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UN tribunal: Colombia violated Nicaragua’s rights in the Caribbean

THE HAGUE, Netherlands (AP) — The United Nations’ highest court ruled Thursday that Colombia violated Nicaragua’s rights in the waters of the Caribbean Sea, including by interfering with Nicaraguan fishing vessels and granting Colombian and other boat fishing licenses.

The majority decision of the International Court of Justice gave Nicaragua a victory in a long legal battle, although it did not completely end the dispute between the two Latin American nations.

Nicaragua filed a lawsuit in 2013, saying Colombia had violated its sovereignty in the Western Caribbean, a region of the sea long claimed by both countries that is home to a UNESCO-listed biosphere reserve inhabited by dozens of people. threatened species.

In a 9-6 vote, the World Court ruled that Colombia “must immediately cease this behavior,” ICJ President Jean E. Donoghue said during a public reading of the ruling.

The judges voted 10 to 5 to establish that Colombia had infringed the rights of Nicaragua “by interfering with the fishing and marine scientific research activities” of Nicaraguan vessels or those holding a Nicaraguan license and with naval activities ” and pretending to apply conservation measures” in Nicaraguan waters.

Colombia said the decision had positive effects for Bogota, despite the imposition of limits on its naval activities.

“They have limited some of its functions in the sense that they cannot undertake environmental control activities, which is a shame because we have the capacity to do so,” Colombia’s representative to the court told reporters. , Carlos Gustavo Arrieta Padilla. “But nonetheless, the court maintained the possibility that the Colombian Navy was there and doing operations against organized crime in the area.”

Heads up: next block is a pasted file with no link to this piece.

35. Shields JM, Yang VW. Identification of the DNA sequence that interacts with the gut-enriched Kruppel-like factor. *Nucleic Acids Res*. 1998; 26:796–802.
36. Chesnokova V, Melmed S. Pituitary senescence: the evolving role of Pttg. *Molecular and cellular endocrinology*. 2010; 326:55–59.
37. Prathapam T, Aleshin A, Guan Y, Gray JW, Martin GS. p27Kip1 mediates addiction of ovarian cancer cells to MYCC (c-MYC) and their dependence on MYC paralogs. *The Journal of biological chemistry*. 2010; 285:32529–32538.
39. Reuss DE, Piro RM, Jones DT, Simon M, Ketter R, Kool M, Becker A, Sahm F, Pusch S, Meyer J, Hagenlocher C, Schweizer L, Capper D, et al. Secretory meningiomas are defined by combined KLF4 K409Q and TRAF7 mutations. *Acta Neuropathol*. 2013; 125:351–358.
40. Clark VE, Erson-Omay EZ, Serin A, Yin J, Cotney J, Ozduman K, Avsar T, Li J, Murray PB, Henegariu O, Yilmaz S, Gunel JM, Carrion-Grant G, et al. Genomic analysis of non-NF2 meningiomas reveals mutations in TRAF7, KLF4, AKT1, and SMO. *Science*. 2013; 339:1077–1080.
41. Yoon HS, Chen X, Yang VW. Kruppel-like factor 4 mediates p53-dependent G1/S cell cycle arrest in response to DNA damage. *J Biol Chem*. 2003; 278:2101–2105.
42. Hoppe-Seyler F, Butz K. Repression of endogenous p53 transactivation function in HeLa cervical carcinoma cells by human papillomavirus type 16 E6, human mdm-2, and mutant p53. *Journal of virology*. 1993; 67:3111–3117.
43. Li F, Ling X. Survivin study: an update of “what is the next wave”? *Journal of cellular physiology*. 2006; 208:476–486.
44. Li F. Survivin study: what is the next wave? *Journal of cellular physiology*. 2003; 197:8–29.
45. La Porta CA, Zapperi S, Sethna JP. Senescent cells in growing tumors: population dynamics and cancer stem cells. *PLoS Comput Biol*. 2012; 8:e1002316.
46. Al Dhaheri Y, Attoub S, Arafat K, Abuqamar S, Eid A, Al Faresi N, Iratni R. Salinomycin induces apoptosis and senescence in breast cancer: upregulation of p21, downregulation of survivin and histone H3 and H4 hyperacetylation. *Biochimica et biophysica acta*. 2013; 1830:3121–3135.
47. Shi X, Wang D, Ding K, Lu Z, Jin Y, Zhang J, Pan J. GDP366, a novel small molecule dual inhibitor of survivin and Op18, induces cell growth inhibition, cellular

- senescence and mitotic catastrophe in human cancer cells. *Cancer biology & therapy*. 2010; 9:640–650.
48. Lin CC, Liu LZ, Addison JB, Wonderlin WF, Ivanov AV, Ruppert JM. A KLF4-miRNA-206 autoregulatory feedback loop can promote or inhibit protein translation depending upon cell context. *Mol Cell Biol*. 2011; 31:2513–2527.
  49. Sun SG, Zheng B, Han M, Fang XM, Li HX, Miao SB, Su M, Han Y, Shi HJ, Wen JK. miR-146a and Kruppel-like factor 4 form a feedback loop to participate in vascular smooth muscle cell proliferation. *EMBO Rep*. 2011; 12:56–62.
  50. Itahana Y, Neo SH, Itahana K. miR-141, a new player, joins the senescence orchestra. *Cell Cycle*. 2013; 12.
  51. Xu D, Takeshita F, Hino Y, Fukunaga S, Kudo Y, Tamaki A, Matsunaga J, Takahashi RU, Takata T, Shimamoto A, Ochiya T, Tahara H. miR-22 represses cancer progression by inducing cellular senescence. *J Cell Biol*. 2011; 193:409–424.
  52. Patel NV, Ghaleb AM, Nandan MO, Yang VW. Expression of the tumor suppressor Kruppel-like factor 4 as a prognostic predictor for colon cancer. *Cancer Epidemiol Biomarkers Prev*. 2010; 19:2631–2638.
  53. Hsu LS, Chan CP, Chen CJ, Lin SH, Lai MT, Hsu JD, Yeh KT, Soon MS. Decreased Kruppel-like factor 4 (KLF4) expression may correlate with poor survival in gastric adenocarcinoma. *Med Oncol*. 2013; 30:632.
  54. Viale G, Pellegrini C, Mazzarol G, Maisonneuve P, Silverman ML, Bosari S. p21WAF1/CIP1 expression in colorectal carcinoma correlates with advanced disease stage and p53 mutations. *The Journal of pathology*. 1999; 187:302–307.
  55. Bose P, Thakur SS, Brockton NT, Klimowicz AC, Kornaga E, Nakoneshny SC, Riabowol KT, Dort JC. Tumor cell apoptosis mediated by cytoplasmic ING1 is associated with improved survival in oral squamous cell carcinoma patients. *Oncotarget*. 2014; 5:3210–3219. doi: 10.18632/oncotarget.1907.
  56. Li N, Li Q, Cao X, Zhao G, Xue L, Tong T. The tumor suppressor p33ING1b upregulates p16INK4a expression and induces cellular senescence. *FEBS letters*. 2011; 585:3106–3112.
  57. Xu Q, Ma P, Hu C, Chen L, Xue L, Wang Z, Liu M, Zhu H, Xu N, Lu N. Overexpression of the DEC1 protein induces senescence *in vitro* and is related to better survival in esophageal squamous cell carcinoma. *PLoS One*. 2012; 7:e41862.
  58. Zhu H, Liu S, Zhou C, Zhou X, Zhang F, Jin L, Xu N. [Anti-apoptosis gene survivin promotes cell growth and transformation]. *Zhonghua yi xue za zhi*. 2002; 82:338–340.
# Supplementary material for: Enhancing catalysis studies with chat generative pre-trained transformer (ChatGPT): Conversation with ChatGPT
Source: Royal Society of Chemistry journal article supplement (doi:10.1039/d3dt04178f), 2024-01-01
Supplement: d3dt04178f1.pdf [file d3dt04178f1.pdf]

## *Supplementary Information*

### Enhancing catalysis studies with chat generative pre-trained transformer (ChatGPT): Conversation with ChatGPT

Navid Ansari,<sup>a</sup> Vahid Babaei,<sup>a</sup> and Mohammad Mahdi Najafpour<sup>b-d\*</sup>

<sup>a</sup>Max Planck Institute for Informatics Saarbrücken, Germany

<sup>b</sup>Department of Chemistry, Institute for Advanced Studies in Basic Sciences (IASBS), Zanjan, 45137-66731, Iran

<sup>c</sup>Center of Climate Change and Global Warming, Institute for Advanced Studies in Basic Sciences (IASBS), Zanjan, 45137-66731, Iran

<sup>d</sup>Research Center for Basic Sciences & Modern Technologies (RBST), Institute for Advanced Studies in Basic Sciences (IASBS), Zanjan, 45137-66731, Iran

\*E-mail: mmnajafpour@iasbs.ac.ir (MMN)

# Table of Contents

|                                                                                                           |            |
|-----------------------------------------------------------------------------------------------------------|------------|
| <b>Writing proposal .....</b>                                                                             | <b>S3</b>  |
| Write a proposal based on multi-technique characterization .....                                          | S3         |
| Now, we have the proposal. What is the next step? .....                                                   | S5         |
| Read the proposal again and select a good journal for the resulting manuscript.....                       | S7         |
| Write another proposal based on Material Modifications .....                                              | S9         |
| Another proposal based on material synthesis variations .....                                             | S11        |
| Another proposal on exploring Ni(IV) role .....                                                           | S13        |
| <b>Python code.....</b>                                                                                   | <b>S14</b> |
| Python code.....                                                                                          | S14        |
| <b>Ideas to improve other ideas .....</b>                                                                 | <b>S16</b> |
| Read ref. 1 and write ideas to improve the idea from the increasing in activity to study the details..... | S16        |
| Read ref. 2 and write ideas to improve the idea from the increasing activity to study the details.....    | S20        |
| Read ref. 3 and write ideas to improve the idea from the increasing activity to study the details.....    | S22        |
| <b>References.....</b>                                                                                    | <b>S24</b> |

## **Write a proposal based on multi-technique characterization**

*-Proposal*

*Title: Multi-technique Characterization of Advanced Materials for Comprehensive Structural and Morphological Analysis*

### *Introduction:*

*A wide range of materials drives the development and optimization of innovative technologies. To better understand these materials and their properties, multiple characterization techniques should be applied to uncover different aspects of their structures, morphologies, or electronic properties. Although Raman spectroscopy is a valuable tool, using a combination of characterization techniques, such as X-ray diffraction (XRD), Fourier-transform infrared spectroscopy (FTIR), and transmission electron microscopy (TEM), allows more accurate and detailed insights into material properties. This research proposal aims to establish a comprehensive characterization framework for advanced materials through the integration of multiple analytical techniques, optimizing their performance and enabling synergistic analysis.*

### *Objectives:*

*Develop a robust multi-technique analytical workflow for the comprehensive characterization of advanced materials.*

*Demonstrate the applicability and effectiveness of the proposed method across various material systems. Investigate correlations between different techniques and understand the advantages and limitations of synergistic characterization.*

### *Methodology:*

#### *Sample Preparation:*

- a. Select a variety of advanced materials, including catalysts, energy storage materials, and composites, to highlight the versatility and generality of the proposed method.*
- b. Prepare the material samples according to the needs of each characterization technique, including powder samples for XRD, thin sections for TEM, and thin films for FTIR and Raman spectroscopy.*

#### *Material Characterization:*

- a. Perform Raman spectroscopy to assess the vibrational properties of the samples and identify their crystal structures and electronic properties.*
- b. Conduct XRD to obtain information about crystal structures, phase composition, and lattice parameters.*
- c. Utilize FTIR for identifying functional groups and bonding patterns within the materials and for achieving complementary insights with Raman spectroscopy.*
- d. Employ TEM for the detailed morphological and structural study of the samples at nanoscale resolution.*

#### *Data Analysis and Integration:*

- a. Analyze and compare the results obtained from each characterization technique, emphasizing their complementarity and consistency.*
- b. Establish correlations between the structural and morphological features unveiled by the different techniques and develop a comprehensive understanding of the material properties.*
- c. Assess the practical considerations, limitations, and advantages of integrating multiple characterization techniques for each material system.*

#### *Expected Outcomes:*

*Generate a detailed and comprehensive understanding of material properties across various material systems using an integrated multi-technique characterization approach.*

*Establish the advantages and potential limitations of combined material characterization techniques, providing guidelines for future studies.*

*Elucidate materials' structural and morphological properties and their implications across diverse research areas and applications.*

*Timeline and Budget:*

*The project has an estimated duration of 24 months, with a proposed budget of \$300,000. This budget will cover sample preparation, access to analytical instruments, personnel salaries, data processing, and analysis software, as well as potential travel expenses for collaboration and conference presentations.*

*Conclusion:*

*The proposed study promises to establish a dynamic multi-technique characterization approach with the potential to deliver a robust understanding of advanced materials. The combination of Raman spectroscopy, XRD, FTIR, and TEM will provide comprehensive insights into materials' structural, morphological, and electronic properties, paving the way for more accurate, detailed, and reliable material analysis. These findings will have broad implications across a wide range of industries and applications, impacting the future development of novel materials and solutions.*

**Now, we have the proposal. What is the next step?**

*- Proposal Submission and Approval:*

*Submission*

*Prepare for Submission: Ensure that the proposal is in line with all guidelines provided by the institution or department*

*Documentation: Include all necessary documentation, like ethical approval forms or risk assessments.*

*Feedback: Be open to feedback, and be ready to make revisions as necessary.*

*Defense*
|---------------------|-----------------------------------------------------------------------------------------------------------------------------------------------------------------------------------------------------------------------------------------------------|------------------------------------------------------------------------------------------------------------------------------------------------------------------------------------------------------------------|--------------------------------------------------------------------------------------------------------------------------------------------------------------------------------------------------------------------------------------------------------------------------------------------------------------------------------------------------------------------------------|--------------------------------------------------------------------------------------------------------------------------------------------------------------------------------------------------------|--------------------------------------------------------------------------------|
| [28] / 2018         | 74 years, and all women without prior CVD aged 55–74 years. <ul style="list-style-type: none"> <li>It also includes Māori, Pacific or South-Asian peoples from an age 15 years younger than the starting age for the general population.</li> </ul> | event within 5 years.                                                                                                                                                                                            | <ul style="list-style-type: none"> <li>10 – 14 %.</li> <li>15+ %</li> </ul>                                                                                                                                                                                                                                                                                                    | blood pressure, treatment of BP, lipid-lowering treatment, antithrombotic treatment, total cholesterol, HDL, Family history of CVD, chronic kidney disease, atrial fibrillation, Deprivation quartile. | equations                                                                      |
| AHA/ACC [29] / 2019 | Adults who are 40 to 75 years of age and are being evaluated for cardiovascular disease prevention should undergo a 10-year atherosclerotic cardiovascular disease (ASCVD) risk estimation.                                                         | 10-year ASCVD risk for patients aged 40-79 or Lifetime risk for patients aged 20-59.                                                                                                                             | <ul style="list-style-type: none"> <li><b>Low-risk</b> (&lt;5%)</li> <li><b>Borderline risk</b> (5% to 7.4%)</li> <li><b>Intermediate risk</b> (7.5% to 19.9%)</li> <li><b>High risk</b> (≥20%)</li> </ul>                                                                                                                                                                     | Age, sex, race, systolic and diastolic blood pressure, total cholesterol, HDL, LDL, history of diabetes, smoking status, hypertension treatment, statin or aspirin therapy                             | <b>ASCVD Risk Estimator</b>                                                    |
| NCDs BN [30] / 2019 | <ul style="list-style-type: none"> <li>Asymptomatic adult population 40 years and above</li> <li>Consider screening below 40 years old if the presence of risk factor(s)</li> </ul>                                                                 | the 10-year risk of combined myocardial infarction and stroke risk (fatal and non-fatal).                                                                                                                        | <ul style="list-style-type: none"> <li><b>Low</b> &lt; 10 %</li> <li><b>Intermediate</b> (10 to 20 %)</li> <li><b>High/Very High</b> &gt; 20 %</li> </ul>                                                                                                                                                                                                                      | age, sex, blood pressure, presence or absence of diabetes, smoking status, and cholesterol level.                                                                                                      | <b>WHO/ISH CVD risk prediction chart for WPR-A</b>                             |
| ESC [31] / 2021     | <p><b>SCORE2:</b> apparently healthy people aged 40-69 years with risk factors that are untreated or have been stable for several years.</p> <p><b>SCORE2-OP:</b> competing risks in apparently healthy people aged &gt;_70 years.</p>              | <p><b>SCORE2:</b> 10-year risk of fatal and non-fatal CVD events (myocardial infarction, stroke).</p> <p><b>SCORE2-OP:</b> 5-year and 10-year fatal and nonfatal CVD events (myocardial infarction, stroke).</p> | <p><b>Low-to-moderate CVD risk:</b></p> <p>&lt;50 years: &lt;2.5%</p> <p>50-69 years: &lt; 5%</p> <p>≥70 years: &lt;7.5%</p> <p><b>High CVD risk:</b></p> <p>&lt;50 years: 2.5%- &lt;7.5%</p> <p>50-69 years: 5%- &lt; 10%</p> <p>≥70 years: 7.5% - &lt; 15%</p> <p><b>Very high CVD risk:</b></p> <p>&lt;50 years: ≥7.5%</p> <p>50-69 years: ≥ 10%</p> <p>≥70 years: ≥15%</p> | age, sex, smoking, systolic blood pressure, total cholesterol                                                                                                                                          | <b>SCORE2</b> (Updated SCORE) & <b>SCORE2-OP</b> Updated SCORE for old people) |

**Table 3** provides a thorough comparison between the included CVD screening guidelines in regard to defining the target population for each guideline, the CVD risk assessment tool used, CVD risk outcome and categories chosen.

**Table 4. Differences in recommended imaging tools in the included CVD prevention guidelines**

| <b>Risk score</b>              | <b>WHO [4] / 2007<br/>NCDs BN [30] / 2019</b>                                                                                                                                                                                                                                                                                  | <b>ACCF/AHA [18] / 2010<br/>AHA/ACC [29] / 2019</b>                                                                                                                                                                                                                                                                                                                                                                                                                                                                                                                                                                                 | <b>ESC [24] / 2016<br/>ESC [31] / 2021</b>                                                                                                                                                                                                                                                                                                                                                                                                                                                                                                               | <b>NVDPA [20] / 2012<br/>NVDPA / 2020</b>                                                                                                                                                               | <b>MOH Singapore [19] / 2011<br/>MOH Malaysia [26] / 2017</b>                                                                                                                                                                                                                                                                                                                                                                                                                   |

A 2012 World Court ruling granted Nicaragua fishing rights over much of the western Caribbean, but the Colombian navy continued to patrol the waters, which are also used by traffickers to smuggle drugs in Central America.

In hearings last year, Nicaragua argued that Colombian navy vessels were infringing on its fishing rights by patrolling the area the court had awarded Nicaragua as an “exclusive economic zone”.

The country also alleged that the Colombian Navy had deterred vessels with Nicaraguan fishing permits from operating in the area while providing protection for vessels with Colombian permits.

Colombia has denied the charges and said its navy patrols the area to combat drug trafficking and to protect the Seaflower Marine Reserve, an area created by Colombia that is on the world’s list of biosphere reserves. UNESCO and overlaps the economic zone assigned to Nicaragua in the 2012 decision.

In a victory for Colombia, the majority of the tribunal said in Thursday’s ruling that the points used by Nicaragua to demarcate its territorial waters after the 2012 ruling were “not in accordance with customary international law”.

The court’s decisions are final and legally binding.

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